MACKINAC BRIDGE WALK
Robot joins governor for Mackinac Bridge Walk
ST. IGNACE, Mich. (AP) - Tens of thousands of people have taken part in the Labor Day walk across the Mackinac Bridge and they were joined by one robot.
Gov. Rick Snyder led the annual trek Monday across the 5-mile-long bridge linking Michigan's two peninsulas. He walked with a robot constructed for the occasion by the FIRST robotics team from Macomb International Academy in the town of Armada.
FIRST is a program that encourages young people to learn about science and technology.
Several of the program's students, teachers and mentors joined Snyder and the robot, which can travel up to 10 mph and is known as "The Pi Guy."
VP Biden says workers deserve 'fair share'
DETROIT (AP) - Vice President Joe Biden told hundreds of Detroit-area union members that they deserve a "fair share" of any improvement in corporate profits.
Biden spoke Monday on the grounds of the former Tiger Stadium ahead of organized labor's annual parade Monday. He stuck with populist themes, criticizing corporate pay and companies that leave the U. S. for lower taxes.
He says workers don't want a handout. Biden says, "Just give them a chance."
Biden was preceded on the stage by labor leaders and Democratic gubernatorial candidate Mark Schauer and Gary Peters, the party's nominee for U.S. Senate.
It is the second time in three years he has come to Detroit for Labor Day activities. The annual event celebrates the achievements of Michigan's working men and women and the state's labor unions.
Invasive plant to be removed in Grand Traverse Bay
TRAVERSE CITY, Mich. (AP) - Michigan conservationists are working to eliminate an invasive grass that threatens local ecosystems and blocks waterfront views.
Maureen Pfaller is a program director at the Watershed Center Grand Traverse Bay. She says phragmites take over shorelines and impact other species.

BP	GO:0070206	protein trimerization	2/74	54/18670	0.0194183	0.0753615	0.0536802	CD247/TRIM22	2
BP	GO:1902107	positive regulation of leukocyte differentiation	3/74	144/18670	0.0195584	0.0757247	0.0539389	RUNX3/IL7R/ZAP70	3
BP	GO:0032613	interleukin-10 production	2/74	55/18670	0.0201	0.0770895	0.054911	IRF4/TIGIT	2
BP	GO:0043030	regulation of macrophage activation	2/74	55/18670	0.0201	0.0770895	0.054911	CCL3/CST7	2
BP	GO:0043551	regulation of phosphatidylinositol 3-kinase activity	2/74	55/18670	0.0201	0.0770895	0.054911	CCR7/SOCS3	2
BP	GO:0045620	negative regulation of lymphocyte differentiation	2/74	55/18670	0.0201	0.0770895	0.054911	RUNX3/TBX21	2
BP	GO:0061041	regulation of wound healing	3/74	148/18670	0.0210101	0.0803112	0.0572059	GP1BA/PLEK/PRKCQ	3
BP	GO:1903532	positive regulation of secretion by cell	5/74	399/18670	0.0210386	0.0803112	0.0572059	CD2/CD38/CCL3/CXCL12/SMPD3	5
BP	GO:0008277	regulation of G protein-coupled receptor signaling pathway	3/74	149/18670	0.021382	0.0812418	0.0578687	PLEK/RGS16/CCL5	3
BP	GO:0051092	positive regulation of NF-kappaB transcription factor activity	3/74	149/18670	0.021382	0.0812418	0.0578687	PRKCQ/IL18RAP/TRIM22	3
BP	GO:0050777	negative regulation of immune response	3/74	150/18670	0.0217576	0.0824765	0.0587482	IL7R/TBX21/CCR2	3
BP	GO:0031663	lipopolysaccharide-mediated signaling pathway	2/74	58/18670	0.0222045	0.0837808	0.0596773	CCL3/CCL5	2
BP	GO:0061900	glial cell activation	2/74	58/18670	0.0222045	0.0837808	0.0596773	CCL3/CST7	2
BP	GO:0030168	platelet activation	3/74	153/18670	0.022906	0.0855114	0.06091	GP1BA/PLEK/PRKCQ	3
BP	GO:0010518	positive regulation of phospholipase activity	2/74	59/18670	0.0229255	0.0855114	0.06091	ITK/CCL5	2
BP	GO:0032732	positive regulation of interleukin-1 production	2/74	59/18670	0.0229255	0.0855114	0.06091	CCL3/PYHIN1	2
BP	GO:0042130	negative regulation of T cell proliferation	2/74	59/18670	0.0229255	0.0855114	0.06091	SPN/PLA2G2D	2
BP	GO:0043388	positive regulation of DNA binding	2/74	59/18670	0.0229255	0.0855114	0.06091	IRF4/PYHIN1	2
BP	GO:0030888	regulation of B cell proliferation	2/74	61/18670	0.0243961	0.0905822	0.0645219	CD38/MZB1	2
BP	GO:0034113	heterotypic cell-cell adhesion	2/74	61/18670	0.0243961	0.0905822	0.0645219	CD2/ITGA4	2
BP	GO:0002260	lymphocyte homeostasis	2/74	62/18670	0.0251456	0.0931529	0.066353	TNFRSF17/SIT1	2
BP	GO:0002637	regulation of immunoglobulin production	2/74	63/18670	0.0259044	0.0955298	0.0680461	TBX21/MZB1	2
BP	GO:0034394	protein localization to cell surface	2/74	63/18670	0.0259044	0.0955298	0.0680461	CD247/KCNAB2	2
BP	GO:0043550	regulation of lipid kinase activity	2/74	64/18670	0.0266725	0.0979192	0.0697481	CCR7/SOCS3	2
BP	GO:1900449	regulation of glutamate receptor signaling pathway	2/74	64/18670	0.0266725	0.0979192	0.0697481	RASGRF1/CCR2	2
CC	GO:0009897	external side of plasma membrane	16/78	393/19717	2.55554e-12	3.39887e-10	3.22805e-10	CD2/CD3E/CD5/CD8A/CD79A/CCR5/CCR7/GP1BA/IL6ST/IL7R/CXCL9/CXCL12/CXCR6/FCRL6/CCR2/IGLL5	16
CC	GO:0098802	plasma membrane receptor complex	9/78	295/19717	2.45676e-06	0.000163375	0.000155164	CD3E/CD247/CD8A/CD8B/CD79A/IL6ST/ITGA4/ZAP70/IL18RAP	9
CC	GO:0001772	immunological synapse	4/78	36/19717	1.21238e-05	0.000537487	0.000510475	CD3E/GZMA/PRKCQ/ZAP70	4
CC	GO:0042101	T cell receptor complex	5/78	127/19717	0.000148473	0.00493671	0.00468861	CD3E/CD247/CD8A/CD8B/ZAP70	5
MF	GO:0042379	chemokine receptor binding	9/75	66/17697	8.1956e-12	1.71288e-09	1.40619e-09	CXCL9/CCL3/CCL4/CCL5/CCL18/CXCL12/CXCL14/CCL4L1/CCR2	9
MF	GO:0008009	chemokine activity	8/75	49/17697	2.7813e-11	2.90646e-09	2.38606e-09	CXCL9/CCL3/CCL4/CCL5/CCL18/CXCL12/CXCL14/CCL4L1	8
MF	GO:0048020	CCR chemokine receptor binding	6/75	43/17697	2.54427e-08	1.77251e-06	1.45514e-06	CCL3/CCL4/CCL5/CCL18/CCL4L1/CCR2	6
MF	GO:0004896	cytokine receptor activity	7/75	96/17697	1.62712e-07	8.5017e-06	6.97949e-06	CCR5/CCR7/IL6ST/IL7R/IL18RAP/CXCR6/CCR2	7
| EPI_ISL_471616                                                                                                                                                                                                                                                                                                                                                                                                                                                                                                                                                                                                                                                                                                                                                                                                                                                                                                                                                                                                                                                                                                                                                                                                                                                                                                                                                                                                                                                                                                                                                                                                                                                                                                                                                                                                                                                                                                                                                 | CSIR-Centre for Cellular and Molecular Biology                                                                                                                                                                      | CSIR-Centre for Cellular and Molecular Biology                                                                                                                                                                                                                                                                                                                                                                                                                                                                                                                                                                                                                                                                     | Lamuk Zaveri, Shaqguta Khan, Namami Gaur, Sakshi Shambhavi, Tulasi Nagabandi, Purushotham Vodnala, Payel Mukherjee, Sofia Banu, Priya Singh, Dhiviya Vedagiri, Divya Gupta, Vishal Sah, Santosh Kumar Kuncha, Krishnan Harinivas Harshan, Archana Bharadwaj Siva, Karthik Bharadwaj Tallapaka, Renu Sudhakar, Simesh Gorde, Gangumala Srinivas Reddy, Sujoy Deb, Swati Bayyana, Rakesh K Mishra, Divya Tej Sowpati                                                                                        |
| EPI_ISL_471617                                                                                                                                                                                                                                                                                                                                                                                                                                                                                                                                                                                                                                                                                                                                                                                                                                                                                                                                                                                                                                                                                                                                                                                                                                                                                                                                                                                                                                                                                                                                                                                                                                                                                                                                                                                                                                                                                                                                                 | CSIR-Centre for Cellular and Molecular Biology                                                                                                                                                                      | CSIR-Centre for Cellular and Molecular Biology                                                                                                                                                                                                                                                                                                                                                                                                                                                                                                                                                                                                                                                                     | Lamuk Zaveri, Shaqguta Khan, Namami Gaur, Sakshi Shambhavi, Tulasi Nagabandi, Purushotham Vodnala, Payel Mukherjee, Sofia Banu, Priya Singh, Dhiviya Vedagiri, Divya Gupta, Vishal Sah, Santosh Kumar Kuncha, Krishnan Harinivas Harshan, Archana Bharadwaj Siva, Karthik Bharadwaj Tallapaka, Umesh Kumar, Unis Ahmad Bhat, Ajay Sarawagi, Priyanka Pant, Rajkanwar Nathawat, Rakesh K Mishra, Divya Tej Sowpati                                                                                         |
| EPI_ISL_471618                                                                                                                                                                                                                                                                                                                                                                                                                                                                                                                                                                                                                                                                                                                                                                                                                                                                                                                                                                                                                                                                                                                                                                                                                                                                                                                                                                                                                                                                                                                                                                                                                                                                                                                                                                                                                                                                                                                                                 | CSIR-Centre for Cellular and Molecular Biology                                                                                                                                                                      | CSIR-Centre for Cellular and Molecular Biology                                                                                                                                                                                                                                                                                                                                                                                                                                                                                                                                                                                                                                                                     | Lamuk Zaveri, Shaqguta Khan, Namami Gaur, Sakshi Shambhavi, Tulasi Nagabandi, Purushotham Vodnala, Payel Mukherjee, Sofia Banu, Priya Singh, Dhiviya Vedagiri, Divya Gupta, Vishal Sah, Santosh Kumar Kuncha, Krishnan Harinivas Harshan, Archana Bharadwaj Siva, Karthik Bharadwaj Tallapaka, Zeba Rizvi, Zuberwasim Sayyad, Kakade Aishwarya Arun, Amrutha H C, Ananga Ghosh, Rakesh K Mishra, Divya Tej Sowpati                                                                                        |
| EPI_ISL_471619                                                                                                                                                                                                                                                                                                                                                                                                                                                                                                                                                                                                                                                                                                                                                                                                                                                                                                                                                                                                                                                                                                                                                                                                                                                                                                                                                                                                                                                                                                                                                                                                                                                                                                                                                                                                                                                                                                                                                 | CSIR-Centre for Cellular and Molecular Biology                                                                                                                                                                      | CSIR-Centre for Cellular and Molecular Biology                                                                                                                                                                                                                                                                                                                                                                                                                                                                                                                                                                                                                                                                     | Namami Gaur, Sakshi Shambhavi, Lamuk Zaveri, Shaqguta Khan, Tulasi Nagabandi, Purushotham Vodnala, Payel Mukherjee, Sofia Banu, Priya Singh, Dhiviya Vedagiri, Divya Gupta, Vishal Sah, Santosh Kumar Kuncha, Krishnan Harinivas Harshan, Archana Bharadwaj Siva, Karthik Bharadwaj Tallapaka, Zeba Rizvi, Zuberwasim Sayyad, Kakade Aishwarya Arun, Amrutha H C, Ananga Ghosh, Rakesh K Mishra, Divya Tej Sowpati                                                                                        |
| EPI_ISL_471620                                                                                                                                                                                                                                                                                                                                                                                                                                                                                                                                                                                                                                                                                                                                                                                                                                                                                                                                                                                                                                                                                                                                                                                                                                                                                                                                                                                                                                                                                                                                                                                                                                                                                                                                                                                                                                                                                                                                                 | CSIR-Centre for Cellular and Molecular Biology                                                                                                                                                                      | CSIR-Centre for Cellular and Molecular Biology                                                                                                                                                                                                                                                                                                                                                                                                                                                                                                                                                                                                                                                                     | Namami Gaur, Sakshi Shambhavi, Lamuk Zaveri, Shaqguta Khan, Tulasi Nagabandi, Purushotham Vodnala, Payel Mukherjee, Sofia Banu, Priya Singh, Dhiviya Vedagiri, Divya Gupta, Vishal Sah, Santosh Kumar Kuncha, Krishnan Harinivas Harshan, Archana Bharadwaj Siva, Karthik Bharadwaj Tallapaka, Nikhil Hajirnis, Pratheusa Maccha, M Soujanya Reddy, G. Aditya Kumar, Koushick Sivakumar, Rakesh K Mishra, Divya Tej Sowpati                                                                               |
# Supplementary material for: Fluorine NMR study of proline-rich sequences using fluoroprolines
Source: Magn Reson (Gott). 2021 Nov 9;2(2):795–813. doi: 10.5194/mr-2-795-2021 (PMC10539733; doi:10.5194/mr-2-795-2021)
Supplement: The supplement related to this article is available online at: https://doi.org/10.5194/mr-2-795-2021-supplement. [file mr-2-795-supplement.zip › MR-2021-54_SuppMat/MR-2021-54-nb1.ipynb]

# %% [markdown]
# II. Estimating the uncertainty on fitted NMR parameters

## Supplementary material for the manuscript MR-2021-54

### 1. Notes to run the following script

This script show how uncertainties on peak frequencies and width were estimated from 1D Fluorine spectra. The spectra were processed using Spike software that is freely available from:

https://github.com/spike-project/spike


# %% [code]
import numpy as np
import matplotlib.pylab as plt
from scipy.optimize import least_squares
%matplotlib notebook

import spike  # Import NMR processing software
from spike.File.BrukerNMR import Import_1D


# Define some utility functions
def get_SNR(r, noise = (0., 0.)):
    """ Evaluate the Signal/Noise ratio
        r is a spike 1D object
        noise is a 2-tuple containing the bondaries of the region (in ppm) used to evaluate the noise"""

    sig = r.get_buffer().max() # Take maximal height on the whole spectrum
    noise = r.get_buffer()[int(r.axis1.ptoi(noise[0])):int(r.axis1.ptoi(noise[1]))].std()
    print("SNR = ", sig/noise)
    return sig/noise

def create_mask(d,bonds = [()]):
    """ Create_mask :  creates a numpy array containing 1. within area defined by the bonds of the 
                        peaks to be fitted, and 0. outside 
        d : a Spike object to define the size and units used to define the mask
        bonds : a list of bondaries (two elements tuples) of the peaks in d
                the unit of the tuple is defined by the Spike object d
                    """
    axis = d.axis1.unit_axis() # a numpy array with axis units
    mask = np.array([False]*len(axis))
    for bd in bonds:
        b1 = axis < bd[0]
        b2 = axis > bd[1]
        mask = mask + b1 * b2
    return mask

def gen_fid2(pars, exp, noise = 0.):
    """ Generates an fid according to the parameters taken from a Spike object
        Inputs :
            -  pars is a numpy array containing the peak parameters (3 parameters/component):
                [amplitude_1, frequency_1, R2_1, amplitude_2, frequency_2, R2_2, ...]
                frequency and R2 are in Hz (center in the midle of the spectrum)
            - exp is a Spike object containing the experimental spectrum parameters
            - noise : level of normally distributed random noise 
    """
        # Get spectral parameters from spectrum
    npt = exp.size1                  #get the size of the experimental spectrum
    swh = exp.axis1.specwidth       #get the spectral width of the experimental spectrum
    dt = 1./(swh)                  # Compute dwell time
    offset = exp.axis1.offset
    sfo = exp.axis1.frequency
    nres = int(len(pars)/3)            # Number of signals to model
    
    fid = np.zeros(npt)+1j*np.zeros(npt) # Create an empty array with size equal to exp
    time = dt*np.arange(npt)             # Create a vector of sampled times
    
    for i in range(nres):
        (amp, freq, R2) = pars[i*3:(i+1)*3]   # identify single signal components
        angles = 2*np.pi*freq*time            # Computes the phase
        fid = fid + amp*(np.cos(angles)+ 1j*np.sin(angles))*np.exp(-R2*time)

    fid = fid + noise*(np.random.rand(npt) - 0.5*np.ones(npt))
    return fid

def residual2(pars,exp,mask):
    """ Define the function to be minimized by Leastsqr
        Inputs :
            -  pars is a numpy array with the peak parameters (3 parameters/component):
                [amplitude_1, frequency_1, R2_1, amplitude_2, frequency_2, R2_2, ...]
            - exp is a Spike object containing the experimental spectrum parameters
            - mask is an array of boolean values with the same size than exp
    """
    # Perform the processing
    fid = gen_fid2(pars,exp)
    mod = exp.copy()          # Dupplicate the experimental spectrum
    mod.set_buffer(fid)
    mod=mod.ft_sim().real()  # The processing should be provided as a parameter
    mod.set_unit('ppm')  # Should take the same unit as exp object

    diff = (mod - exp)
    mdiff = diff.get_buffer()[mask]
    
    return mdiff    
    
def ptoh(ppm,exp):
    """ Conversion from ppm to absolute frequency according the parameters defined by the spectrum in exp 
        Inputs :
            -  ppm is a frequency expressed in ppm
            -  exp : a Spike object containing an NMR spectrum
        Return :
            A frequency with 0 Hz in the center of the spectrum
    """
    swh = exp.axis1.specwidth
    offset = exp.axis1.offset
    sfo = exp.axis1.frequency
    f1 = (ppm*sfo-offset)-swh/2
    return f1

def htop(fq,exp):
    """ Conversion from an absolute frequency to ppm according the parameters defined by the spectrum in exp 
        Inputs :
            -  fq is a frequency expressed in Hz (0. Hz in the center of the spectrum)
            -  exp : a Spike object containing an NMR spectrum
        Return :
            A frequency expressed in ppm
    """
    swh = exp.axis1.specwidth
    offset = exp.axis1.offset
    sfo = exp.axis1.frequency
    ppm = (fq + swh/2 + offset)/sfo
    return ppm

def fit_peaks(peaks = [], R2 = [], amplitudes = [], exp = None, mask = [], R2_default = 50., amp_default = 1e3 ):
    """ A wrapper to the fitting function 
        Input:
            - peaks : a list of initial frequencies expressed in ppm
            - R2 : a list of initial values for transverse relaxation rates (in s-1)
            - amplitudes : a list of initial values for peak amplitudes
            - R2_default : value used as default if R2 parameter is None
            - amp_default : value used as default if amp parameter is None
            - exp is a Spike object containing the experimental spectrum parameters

The Traverse City Record-Eagle reports (http://bit.ly/1Cj0OTH ) conservation groups, municipalities and individuals in northwestern Michigan are leading an effort to reduce phragmites in Grand Traverse Bay by 78 percent. Volunteers make note of where the grass is found and ask property owners for permission before treating it with herbicides.
Pfaller says the goal is to reduce the plant to the point that it can be controlled without chemicals.
Surveying was completed this summer and treatments will likely be conducted between Labor Day and the first frost.
Sea lamprey treatment planned for Muskegon River
MUSKEGON, Mich. (AP) - The U.S. Fish and Wildlife Service plans to introduce sea lamprey-killing pesticides to the Muskegon River system.
The Muskegon Chronicle reports (http://bit.ly/1nP8aEM ) the lampricides are meant to kill sea lamprey larvae burrowed at the bottom of the river. They will be applied between Sept. 9 and 18 in Muskegon and Newaygo counties.
The U.S. Environmental Protection Agency says the chemicals have a minimal environmental impact when applied correctly. Only a few fish, insect and broad-leaf plants are sensitive to the substance that is toxic to sea lamprey.
People are advised to temporarily conduct recreational activities in different water sources to minimize exposure to the chemicals. Farm irrigation will be suspended for 24 hours following the treatment.
Adult sea lamprey are parasites that kill fish in the Great Lakes.